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Lesson 7. Checking Input & Displaying Errors

Lesson 7. Checking Input & Displaying Errors

In the previous lesson, you built an interactive step-through simulation, in which users followed directions to create a System Data Source Name, or DSN, in a simulated environment. At the end of that lesson, you discovered a problem: Users could enter anything they wanted (or nothing at all) into the text fields of the ODBC Microsoft Access Setup screen, and the simulation would keep going.

Sometimes providing a little leeway is good, because users have a chance to play with the simulation, which in turn may help them internalize it. Other times, though, a little too much freedom can break the illusion that the simulation creates, which is what happened in the DSN simulation. The problem is that a few screens later, the simulation displays the correct text field entries, regardless of what the user actually entered.

In this lesson, you will add some scripts that add error-checking. You will also learn how to manipulate object properties, such as a movie clip instance's visibility.

This problem can be solved in two possible ways. First, you could verify that the user did indeed enter the proper text; or second, in the later screens, you could have the simulation display the text the user actually entered. Both options are possible in Flash. To do the first, which is what you will do in this lesson, you will set up a branching script that reacts one way if the user entered the correct information, and another way if the user did not. The second solution uses dynamic text, in which you use a variable to store the text that the user enters. In later screens, you display the text contained in the variable. Dynamic text is quite powerful, and you will work extensively with it in later lessons.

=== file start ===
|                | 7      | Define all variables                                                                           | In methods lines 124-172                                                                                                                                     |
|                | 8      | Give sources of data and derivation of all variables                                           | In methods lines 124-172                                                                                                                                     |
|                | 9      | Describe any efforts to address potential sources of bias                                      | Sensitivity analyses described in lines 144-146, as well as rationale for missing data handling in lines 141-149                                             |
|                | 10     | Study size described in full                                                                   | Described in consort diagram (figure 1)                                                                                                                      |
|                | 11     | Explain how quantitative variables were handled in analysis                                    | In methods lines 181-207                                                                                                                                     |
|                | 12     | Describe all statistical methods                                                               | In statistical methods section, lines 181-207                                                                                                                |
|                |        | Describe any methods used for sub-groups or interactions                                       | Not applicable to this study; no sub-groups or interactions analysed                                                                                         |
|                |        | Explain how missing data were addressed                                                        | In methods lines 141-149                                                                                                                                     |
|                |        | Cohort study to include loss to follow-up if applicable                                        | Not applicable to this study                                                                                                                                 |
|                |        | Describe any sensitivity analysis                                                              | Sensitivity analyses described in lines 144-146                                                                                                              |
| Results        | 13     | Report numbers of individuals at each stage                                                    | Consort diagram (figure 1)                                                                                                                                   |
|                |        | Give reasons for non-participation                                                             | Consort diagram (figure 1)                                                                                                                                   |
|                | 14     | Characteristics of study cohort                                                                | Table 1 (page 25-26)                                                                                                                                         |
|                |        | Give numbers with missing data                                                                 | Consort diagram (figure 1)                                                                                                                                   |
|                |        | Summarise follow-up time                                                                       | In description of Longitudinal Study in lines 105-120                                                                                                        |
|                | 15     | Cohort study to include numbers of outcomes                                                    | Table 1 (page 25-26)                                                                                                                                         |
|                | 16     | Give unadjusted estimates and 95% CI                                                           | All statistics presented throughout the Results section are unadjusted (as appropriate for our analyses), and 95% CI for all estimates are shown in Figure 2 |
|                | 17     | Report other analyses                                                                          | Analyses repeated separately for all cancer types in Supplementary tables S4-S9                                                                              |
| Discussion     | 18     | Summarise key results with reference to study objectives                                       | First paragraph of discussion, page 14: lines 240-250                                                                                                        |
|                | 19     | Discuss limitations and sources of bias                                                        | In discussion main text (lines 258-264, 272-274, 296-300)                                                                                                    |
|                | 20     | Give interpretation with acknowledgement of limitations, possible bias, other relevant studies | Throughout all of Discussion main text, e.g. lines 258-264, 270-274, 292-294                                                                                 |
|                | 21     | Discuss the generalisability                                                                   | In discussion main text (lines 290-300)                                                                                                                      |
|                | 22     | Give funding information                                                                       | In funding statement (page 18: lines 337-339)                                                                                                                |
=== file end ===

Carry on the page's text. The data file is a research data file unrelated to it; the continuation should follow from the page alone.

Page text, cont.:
In this lesson, you will focus on flow control, which refers to scripts that handle branching depending on what the user does. Several Flash actions can be used for flow control, including for loops and if…else structures. In this lesson, you will use an if…else structure to continue on if the user entered the correct string, or to display an error dialog if the user did not. This way, the user cannot proceed unless she or he has entered the correct text in each text field.


In this lesson, you will:

  • Base a new symbol on an existing symbol

  • Build a functioning error message dialog

  • Use if…else to verify and respond to user input

  • Remove case sensitivity when validating a text string

  • Remove the automatic hand cursor over hotspots


This lesson takes approximately 1½ hours to complete.


Starting Files


Completed Files




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